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Manila ferry fire: 110 missing

The Super Ferry 14: Being allowed to cool before bodies search
The Super Ferry 14: Being allowed to cool before bodies search

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MANILA, Philippines -- At least 110 people were missing as darkness fell on Friday after explosions and fire tore through a Philippine ferry, killing one person and sending many into the sea to escape the flames.

"We have not given up hope of finding more survivors but there's also the possibility that some of them were trapped inside the boat," coastguard spokesman Lieutenant Armand Balilo told reporters after at least 766 people were rescued.

Fires raged on parts of the stricken ferry for 12 hours and smoke could be seen rising from the ship on Friday evening.

Rescuers said they would have to wait for up to two days to let the vessel cool down before they could begin searching for bodies. The 155-metre (510-foot) long ship listed onto its right side after being towed from the mouth of Manila Bay to Bataan island.

The coastguard and owners of the Super Ferry 14 disagreed on the number of missing and the number of passengers on board when disaster struck about an hour into the overnight journey from Manila to Bacolod in the central part of this nation of islands.

One person has been confirmed dead, they agree.

The coastguard said of 879 passengers and crew on board, 766 were rescued. It listed 112 people as missing, including two crew members. The shipping firm said of 899 on board, some 788 were rescued. It also listed one dead and 110 missing.

The owners disputed the coastguard assessment that the fire started in the engine room, saying it began on an upper deck.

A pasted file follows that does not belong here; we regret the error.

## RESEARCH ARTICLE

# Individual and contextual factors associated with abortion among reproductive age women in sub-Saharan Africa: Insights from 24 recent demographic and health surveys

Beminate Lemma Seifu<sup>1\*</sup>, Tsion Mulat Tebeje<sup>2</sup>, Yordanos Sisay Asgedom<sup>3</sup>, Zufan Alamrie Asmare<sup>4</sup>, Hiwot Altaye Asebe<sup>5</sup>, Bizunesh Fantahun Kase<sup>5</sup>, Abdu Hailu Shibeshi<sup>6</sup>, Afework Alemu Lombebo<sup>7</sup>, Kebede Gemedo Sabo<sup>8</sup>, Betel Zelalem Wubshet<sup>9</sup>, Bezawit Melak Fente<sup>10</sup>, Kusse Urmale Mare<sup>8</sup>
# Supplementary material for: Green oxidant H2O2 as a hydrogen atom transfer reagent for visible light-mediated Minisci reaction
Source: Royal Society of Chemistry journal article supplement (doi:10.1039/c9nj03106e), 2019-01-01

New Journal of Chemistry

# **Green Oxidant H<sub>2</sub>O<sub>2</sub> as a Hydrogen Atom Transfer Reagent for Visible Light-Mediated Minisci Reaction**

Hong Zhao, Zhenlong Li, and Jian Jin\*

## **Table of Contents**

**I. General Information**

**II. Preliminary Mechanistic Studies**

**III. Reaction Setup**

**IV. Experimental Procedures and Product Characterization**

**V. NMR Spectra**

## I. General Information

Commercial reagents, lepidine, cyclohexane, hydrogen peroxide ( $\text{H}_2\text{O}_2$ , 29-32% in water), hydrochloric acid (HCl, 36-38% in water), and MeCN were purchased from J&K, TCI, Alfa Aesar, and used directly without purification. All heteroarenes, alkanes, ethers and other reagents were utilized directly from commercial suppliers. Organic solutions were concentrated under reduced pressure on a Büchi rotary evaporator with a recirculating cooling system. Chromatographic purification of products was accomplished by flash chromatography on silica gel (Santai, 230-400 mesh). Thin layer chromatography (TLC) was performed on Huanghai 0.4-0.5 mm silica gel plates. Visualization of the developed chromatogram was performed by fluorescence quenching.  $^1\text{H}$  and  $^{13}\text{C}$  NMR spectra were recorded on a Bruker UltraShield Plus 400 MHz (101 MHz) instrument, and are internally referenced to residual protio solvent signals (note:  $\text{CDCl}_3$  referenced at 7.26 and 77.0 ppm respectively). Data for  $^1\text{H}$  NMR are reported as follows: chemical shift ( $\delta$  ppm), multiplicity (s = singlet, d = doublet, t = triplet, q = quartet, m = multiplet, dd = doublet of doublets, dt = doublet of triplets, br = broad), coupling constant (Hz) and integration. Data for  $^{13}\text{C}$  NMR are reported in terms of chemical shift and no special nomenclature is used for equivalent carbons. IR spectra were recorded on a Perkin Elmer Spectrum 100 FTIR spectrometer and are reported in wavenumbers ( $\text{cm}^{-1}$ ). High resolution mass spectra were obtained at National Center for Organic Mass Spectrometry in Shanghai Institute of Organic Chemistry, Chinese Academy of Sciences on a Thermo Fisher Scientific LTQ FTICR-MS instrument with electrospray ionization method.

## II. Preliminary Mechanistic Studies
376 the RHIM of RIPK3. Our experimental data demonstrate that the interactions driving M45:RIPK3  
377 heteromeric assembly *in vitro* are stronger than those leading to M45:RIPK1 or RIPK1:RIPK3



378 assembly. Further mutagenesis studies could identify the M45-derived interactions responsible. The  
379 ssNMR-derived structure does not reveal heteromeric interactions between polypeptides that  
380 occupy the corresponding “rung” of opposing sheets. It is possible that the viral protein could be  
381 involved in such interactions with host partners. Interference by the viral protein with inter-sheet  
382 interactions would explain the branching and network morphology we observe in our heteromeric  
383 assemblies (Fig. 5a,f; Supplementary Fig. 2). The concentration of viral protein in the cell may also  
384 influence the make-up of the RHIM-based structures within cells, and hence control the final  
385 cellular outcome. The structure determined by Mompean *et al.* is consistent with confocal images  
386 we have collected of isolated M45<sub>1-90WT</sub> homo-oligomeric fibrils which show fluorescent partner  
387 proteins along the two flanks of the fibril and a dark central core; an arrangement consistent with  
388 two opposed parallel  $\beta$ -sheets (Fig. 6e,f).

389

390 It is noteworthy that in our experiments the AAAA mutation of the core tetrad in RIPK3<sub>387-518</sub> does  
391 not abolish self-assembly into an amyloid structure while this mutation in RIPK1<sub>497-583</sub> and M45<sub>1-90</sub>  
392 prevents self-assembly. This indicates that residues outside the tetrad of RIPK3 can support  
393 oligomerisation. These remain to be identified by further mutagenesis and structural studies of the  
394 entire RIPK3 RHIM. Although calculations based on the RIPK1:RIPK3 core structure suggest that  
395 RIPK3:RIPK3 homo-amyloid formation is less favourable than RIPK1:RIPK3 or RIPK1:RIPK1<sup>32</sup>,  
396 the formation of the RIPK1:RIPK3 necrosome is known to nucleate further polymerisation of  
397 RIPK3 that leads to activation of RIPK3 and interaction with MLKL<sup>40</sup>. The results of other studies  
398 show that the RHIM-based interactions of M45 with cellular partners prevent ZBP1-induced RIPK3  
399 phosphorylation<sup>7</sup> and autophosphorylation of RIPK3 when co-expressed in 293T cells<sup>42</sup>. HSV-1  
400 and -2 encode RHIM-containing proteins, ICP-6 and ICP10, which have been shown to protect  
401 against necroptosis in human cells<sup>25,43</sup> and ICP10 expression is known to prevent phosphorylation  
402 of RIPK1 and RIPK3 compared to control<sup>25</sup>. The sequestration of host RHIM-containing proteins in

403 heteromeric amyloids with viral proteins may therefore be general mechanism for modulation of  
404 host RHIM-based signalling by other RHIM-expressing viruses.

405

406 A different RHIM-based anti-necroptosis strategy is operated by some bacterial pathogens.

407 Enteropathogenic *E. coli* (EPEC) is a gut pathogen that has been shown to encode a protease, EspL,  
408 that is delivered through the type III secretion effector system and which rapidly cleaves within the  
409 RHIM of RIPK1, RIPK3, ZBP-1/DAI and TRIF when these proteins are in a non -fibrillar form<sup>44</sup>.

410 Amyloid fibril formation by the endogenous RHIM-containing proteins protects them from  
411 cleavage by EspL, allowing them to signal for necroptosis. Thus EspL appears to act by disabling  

Gina Virtusio, a spokeswoman for the WG&A consortium of three shipping lines that owns the vessel, replied to questions about the likelihood of sabotage by saying the owners were "leaning towards that issue."

"We were already lying down to sleep when we heard a loud bang," passenger Mary Jane Silverio told Reuters on the deck of a coastguard vessel. "We ran like everyone else to the lower part of the ship. Some jumped over the side, but I did not."

Dozens of fishing boats plucked people from the choppy seas as coastguard, navy and cargo vessels raced through the darkness of Friday morning to the burning ferry.

"We climbed down on a nylon cord and swam to the nearest fishing boat," Jetro Restiza, one of 43 marine engineering students who were training on the ferry, told Reuters.

"Our instinct was to save ourselves and jump from the ship."

Baby missing

There was no hint the ferry was overloaded -- a common cause of maritime disasters in the Philippines -- as it had a capacity of 1,126 passengers, according to details on the WG&A Web site.

Billed as a "festival" ship, it entered service in October 2000 and featured a beauty parlour, business centre, dining salons and a karaoke room.

Still clutching orange life vests and wearing night clothes, dozens of survivors separated from relatives in the chaos had tearful reunions on shore as others waited anxiously.

Twelve people were hurt, including several with severe burns, the coastguard said.

The ferry company handed out 500 pesos ($8.90) in cash to the passengers and gave them food and Super Ferry T-shirts.

Rodel Castillo turned on his mobile phone on Friday morning to a harrowing text message from his wife, who was taking their 15-day-old daughter to visit her family.

"Our ship is on fire. Don't worry, we're safe, but I got separated from our baby," she wrote in a mixture of English, Tagalog and the Visayan dialect. "Please pray for our baby."

After hours of anguish, Castillo learned his daughter and wife were being brought back to Manila on different ships.

Maritime accidents are relatively common in the Philippines, a country of more than 7,100 islands linked by networks of passenger ferries and cargo ships.

In the world's worst peacetime shipping disaster, more than 4,300 people died in a collision between the ferry Dona Paz and an oil tanker in Philippine waters just before Christmas in 1987.



Copyright 2004 Reuters. All rights reserved. This material may not be published, broadcast, rewritten, or redistributed.

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